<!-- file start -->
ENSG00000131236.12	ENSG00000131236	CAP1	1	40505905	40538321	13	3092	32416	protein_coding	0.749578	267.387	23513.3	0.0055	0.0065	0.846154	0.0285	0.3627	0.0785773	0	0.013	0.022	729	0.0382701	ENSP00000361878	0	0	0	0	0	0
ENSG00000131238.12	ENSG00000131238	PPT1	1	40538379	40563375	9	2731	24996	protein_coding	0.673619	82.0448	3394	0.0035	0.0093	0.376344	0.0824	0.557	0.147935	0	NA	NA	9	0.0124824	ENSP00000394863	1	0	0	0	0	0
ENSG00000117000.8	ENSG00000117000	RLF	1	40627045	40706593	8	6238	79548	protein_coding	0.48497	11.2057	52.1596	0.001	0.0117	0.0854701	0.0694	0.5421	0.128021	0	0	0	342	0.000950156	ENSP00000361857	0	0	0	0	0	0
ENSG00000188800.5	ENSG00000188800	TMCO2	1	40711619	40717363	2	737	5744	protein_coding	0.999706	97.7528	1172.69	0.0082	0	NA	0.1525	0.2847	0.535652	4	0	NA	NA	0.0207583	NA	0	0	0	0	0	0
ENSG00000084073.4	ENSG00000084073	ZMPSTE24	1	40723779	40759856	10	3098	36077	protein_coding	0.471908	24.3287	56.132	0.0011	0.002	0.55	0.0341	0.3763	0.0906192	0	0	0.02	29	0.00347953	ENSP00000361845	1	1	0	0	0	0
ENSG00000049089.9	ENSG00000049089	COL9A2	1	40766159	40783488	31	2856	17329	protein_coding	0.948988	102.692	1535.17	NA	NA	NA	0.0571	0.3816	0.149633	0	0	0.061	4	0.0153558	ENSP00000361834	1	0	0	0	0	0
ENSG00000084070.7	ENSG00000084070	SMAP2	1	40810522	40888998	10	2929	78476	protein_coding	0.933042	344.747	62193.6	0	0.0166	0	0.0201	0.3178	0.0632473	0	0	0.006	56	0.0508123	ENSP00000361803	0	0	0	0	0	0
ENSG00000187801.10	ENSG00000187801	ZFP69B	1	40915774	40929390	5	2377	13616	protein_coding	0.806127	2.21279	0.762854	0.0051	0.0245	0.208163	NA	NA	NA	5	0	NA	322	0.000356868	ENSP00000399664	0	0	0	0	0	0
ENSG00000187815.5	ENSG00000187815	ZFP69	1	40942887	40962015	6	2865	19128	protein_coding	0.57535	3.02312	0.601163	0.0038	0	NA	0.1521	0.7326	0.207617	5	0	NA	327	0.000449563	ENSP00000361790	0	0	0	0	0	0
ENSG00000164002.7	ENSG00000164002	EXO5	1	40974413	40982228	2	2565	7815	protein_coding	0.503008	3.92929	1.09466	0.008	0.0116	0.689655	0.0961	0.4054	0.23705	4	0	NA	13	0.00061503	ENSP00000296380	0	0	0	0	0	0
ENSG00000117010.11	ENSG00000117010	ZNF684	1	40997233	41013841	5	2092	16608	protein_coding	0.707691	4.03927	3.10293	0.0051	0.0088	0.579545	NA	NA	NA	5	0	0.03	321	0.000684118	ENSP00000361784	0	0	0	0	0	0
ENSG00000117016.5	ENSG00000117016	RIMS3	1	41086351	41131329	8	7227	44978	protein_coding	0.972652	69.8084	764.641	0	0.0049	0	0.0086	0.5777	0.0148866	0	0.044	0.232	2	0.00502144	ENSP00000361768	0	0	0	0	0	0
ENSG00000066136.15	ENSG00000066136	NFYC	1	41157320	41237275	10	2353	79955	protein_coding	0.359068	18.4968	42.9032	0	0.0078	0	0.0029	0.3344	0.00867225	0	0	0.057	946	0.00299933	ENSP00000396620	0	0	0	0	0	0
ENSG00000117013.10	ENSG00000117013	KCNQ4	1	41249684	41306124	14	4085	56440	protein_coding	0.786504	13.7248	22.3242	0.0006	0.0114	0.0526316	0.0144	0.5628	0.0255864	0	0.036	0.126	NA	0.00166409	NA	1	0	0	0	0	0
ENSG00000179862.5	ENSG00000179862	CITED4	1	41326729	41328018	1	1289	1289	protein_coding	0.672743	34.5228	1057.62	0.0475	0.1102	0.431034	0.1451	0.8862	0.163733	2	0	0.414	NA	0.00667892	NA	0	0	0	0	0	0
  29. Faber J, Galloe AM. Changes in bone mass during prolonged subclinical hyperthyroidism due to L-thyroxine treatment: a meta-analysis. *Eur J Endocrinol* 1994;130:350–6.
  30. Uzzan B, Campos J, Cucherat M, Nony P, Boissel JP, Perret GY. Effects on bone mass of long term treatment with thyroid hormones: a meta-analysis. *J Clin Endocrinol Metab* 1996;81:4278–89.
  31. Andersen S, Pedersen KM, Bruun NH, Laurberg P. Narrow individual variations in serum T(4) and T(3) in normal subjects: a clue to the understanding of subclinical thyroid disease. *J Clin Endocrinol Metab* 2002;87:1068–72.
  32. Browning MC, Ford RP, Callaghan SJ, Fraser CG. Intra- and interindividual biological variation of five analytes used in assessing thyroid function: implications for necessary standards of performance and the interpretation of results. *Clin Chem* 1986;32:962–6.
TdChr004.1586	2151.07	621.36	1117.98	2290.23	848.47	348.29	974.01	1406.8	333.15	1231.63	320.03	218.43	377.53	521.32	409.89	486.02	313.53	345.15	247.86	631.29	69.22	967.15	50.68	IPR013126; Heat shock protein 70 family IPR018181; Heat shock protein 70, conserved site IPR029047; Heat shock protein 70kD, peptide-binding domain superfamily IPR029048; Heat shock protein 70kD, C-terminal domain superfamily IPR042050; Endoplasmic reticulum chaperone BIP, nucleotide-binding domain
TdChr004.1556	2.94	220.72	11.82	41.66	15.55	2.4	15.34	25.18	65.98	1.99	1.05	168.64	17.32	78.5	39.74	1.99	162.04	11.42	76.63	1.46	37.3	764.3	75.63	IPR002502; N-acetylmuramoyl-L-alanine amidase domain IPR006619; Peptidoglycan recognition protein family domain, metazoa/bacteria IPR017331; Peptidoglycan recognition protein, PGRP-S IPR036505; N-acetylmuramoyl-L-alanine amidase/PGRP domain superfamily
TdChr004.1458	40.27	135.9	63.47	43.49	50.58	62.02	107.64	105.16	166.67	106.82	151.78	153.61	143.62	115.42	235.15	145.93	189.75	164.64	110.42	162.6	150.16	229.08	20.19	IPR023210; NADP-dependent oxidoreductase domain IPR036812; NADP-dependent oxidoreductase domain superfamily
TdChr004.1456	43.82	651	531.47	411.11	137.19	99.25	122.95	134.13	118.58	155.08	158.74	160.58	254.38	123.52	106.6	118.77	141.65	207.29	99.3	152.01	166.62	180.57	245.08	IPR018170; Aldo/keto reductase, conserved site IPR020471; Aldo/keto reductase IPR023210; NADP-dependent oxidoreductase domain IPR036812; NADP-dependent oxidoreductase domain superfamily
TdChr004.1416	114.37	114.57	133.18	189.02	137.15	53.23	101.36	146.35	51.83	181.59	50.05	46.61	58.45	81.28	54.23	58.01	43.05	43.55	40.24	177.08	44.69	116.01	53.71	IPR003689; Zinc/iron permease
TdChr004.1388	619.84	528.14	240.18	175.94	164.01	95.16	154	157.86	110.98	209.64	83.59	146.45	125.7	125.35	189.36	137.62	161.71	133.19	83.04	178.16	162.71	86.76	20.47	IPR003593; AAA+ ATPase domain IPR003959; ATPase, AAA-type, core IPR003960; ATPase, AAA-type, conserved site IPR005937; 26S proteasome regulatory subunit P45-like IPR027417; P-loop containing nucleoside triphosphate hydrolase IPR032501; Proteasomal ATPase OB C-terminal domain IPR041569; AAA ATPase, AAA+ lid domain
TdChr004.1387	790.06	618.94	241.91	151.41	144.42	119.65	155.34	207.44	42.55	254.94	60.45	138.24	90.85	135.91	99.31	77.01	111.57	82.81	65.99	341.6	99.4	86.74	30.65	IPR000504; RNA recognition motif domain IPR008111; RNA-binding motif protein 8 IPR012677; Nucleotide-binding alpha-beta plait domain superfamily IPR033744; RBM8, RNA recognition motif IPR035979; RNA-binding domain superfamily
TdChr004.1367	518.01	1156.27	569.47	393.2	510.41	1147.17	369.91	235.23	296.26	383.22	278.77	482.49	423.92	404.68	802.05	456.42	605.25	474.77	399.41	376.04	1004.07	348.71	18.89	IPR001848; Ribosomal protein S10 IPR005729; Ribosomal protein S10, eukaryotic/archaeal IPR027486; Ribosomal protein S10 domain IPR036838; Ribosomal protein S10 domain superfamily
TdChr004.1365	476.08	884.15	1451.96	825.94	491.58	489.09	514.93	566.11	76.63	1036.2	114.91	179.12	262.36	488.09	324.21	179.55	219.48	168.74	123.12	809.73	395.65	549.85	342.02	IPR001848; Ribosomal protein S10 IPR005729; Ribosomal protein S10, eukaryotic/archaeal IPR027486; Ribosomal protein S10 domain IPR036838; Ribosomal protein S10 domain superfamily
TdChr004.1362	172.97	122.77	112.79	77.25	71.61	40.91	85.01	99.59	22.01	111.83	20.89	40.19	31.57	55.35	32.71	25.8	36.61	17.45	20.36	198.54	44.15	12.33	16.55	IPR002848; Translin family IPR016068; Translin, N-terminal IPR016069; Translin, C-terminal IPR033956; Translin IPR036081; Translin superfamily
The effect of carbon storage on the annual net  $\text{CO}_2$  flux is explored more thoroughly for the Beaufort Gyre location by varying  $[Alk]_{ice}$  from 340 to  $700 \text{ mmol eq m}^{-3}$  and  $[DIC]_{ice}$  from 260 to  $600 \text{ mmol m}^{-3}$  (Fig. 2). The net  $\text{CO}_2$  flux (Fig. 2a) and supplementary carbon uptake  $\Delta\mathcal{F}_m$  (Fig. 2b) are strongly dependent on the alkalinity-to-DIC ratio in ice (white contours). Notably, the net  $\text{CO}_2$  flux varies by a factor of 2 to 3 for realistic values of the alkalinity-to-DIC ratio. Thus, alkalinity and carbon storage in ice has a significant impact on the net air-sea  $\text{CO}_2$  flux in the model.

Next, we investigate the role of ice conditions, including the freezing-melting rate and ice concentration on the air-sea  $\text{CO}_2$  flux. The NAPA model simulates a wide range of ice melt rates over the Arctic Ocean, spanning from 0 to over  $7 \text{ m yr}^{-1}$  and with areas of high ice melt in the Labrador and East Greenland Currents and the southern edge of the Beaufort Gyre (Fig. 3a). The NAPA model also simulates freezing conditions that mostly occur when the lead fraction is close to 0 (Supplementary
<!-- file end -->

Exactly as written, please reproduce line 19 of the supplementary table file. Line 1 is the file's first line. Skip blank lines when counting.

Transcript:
  32. Browning MC, Ford RP, Callaghan SJ, Fraser CG. Intra- and interindividual biological variation of five analytes used in assessing thyroid function: implications for necessary standards of performance and the interpretation of results. *Clin Chem* 1986;32:962–6.